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Boeing’s F-15EX Fighter: A Problem for China in the South China Sea?

The F-15EX, the Air Force’s newest fighter aircraft, arrives to Eglin Air Force Base, Florida March 11. The aircraft will be the first Air Force aircraft to be tested and fielded from beginning to end through combined developmental and operational tests. The 40th Flight Test Squadron and the 85th Test and Evaluation Squadron personnel are responsible for testing the aircraft. (U.S. Air Force photo/1st Lt. Karissa Rodriguez)

Indonesian F-15EX Fighters Could Spell Trouble for China: In yet another sign that China’s neighbors are rearming, the U.S. State Department has approved an Indonesian request to buy F-15EX fighters.

If the sale is completed, this would put one of the most potent jets in the world within strike range of the South China Sea, whose resource-rich waters are claimed by China, as well as Indonesia, Vietnam, the Philippines and Malaysia.

The F-15EX Is Headed to Asia 

The State Department’s Defense Security Cooperation Agency formally notified Congress that the $13.9 billion sale would enhance U.S. national security. The sale would include up to 36 F-I5ID fighters, which would be the Indonesian version of the F-15EX Eagle II, Boeing’s rejuvenated and heavily upgraded version of the iconic 1970’s F-15 Eagle.

Also included would be 40 AN/AAQ-33 Sniper targeting pods, 40 LANTIRN AN/AAQ-13 navigation pods, 45 AN/APG-82(v)1 Advanced Electronically Scanned Array (AESA) Radars, 80 Joint Helmet Mounted Cueing Systems (JHMCS) and 40 M61A Vulcan 20-millimeter cannon. The DSCA notice did not mention the sale of missiles typically carried by F-15s, such as the AIM-120 radar-guided missile.

“This proposed sale will support the foreign policy goals and national security objectives of the United States by improving the security of an important regional partner that is a force for political stability, and economic progress in the Asia-Pacific region,” according to the DSCA announcement. “It is vital to U.S. national interest to assist Indonesia in developing and maintaining a strong and effective self-defense capability.”

“The proposed sale will improve Indonesia’s capability to meet current and future threats by enabling it to provide increased deterrence and air defense coverage across a very complex air and maritime domain. Indonesia will have no difficulty absorbing these aircraft and equipment into its armed forces.”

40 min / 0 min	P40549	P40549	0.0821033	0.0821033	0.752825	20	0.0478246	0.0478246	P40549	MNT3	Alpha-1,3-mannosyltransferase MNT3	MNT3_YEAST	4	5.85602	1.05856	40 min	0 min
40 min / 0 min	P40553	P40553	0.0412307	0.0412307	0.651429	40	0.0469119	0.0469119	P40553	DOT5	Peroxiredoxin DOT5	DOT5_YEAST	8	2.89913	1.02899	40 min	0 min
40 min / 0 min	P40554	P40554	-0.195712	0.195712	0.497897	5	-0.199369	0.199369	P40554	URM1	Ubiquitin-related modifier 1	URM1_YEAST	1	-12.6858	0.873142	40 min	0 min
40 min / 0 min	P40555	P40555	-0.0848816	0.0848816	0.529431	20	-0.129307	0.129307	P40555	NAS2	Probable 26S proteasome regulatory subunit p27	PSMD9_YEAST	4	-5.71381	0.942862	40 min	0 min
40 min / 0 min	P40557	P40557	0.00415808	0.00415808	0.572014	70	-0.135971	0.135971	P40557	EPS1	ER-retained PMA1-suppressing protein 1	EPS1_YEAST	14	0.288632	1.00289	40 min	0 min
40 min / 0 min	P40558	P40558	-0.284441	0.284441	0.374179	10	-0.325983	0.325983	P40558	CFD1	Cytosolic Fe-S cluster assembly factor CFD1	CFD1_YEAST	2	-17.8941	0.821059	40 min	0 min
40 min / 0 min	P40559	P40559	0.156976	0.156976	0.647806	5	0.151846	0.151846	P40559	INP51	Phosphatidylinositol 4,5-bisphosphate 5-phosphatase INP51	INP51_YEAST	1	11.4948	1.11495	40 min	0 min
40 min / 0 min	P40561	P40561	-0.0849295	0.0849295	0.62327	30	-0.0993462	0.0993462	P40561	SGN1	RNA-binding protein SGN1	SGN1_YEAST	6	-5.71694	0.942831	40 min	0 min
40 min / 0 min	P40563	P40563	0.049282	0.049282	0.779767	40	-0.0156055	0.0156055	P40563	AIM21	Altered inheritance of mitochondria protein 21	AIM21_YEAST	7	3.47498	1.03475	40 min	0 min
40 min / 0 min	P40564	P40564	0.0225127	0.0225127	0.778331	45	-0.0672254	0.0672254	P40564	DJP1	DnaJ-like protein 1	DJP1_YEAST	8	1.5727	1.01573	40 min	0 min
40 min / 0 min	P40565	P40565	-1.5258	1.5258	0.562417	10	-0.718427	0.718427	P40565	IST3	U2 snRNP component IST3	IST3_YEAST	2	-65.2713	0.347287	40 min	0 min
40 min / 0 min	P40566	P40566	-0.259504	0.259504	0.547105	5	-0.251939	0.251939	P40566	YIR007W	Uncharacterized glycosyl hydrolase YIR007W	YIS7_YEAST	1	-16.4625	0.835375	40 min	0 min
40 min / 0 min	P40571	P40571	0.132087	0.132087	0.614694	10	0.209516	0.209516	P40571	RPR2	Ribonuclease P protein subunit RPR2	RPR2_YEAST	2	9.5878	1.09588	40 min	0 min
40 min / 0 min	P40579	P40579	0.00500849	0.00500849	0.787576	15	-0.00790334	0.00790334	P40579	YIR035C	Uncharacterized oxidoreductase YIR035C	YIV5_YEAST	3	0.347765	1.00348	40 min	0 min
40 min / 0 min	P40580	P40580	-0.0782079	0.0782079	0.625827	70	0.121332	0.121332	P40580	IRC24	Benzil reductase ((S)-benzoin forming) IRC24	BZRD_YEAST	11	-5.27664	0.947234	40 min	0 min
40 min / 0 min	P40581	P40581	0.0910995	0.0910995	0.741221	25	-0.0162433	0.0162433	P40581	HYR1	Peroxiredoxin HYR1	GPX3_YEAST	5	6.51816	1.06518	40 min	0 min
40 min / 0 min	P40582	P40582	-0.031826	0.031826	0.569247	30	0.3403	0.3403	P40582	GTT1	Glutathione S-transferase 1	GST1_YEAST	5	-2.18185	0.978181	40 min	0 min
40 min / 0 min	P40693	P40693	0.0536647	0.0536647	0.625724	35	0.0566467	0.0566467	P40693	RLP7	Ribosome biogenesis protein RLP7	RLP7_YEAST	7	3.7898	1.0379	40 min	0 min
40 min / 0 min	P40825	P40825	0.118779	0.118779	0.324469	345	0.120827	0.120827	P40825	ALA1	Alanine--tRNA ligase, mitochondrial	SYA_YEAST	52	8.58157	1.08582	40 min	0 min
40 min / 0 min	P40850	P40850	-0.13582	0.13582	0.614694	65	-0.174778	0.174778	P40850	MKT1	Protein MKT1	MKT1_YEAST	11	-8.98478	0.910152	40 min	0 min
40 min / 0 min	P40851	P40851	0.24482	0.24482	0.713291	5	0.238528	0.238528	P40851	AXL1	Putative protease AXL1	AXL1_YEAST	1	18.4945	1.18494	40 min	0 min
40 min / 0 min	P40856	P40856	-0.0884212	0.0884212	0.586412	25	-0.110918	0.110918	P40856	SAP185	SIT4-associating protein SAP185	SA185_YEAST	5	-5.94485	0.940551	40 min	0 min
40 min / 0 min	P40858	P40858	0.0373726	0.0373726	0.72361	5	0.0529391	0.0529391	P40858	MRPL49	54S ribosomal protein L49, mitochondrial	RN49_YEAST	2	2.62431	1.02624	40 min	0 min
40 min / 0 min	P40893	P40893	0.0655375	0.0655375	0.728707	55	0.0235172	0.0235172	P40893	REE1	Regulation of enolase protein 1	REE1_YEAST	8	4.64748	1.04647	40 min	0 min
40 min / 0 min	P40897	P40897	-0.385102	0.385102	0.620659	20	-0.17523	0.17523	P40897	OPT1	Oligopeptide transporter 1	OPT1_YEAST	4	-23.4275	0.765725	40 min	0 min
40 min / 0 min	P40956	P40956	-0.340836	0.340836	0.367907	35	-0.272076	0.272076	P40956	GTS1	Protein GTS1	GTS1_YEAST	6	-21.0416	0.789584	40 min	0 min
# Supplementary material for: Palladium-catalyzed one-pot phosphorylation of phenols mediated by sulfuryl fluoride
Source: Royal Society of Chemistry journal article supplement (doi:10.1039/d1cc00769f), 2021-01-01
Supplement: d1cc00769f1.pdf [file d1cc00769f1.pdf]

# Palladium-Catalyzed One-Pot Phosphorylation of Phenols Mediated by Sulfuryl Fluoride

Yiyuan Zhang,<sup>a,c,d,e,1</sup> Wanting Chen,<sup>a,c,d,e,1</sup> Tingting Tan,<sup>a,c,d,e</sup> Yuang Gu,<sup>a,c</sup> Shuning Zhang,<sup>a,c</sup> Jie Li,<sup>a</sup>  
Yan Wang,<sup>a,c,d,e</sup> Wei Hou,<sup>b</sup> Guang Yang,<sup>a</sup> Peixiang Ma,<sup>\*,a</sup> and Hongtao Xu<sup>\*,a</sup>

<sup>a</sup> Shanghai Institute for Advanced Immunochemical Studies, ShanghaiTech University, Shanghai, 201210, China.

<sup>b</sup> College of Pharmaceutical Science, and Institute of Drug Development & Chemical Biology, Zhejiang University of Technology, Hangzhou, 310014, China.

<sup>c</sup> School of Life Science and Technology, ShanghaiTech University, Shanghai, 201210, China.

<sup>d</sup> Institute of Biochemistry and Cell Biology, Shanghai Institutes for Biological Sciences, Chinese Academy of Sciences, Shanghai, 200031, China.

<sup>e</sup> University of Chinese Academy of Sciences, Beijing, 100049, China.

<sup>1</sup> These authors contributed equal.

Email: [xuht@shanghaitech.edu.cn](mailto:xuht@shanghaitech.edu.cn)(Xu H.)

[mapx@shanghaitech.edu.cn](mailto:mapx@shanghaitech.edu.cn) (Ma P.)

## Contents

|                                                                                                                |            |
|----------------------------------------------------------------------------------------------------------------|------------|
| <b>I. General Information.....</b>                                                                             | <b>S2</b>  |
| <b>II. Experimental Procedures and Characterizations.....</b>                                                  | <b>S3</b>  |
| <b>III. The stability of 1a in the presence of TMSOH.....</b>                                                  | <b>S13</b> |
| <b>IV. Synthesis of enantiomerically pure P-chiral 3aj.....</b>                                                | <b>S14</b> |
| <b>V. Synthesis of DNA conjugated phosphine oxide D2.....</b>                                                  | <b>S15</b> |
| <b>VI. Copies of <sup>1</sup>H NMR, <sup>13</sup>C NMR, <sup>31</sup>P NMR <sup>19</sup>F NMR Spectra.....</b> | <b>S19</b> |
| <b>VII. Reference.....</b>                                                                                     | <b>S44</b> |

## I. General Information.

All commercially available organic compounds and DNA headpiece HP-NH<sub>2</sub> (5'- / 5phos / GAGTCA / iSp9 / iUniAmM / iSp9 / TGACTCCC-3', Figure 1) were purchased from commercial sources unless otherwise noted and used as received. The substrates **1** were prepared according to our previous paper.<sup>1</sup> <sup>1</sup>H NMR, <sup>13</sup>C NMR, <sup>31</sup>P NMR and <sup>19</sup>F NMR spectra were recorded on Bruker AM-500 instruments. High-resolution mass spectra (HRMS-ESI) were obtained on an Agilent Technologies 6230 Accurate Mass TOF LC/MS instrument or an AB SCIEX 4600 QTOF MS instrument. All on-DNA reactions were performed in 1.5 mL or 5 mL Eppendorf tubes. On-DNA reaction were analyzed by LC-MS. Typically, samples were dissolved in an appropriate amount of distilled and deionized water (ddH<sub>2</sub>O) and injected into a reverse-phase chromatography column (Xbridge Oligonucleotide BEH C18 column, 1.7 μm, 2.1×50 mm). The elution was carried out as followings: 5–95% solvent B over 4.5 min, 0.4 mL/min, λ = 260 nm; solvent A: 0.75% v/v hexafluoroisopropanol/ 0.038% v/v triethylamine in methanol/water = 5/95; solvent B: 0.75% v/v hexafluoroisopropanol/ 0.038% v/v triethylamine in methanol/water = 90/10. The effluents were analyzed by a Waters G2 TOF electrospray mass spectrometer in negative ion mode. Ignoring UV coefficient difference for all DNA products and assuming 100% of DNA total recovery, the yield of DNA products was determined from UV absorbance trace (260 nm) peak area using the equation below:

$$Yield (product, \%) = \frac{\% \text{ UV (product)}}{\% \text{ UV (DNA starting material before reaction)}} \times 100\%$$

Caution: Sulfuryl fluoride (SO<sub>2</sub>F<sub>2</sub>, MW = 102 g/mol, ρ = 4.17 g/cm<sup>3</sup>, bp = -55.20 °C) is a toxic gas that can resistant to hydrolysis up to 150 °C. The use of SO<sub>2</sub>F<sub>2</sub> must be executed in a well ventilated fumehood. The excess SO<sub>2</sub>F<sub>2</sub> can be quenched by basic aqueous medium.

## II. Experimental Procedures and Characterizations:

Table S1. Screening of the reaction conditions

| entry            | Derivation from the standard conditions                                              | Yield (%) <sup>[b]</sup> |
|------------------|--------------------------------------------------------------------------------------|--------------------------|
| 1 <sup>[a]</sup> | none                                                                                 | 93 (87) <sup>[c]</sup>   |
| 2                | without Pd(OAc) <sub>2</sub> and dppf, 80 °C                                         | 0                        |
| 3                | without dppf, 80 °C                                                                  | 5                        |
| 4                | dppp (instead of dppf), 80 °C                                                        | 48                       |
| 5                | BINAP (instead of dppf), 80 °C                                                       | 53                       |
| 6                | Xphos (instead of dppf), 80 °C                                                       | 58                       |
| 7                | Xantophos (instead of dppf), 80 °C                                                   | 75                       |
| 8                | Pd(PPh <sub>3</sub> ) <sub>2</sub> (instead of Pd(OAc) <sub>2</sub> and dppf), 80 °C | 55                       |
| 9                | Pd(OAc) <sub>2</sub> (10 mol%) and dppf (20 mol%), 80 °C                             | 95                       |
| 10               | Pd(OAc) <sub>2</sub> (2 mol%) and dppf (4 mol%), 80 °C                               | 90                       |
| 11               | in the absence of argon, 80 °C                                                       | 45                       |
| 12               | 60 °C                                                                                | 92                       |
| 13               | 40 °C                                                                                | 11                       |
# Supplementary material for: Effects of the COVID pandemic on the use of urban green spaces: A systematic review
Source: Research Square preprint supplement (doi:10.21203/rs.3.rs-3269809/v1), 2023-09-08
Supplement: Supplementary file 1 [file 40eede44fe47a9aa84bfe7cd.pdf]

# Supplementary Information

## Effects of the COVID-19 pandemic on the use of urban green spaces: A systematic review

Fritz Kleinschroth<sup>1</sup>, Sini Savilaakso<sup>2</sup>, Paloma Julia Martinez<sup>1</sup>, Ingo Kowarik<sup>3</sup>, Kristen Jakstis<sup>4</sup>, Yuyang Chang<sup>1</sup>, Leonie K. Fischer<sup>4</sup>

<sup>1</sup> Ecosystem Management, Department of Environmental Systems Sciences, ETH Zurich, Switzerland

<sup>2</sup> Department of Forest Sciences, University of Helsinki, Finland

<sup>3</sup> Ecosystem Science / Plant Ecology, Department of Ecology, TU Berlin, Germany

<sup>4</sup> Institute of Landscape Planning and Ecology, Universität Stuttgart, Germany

The F-15ID sale comes as the U.S. courts Indonesia as a potential ally against an increasingly bellicose China, and as Indonesia seeks to modernize a polyglot air force equipped with aging American F-16 and Russian Su-27 and Su-30 jets.

But Indonesia appears to be hedging its bets by purchasing weapons from multiple nations. Just days before DSCA approved the F-15 sale, Indonesia announced an $8.1 billion purchase of 42 French Rafale fighters. Such split purchases are not uncommon: Saudi Arabia, for example, operates U.S. F-15C and F-15E aircraft, and European-made Typhoon and Tornado jets. While complicating logistics, this arrangement avoids being dependent upon arms sales – and political good will – from a single source nation.

However, Indonesia’s choice of an F-15EX variant is interesting. The Eagle II – of which the U.S. Air Force is purchasing a few to supplement the F-35 — is a sort of poor man’s stealth fighter. It occupies a slot between the fourth-generation designs of the 1980s, such as the original F-15C air superiority fighter and the Soviet/Russian Su-27 Flanker, versus fifth-generation fighters such as the F-35 and F-22, Russia’s Su-57, and China’s J-20.

Critics claim the F-15EX is based on an old design and can’t survive against advanced defenses. Yet with a large bombload that could include hypersonic missiles, conformal fuel tanks to smooth out its shape and confer some degree of stealth against radar, as well as 21st Century avionics and radar, the F-15EX appears to be a formidable platform. Indonesia could end up with a semi-stealthy aircraft based on a proven design that may avoid the cost and reliability problems that have plagued the F-35 and F-22.


F-15EX. Image Credit: Boeing.


F-15EX. Image Credit: Boeing.


Boeing’s F-15EX fighter. Image Credit: Boeing.

F-15EX: Headed for the South China Sea? 

What does this mean for China? With a combat range of 1,200 nautical miles, the twin-engine F-15EX could fly deep into the South China Sea. Equipped with a powerful radar and advanced electronic warfare suite, it should be able to cope with Chinese jets like the J-20, Su-35 and Su-30. With a capacious weapons bay, Indonesian F-15INs could target Chinese ships, missile batteries, and long-range bombers. If Indonesia’s F-15 is anything like the original Eagle, China will face a capable opponent.

A seasoned defense and national security writer and expert, Michael Peck is a contributing writer for Forbes Magazine. His work has appeared in Foreign Policy Magazine, Defense News, The National Interest, and other publications. He can be found on Twitter and Linkedin.

Note: This piece has been updated since publication. 

Written By

Michael Peck is a contributing writer for Forbes. His work has appeared in Foreign Policy Magazine, Defense News, The National Interest, and other publications. He can be found on Twitter and Linkedin.



  1. Brian S VanVeghel

    February 15, 2022 at 8:08 pm

    The F-15 does not have a internal weapons bay capable of carrying hypersonic missiles because it does have a internal weapons bay.

  2. Brian S VanVeghel

    February 15, 2022 at 8:14 pm

    Also the F-15EX has no stealth what so ever. This article is garbage and I feel stupider just by reading it!

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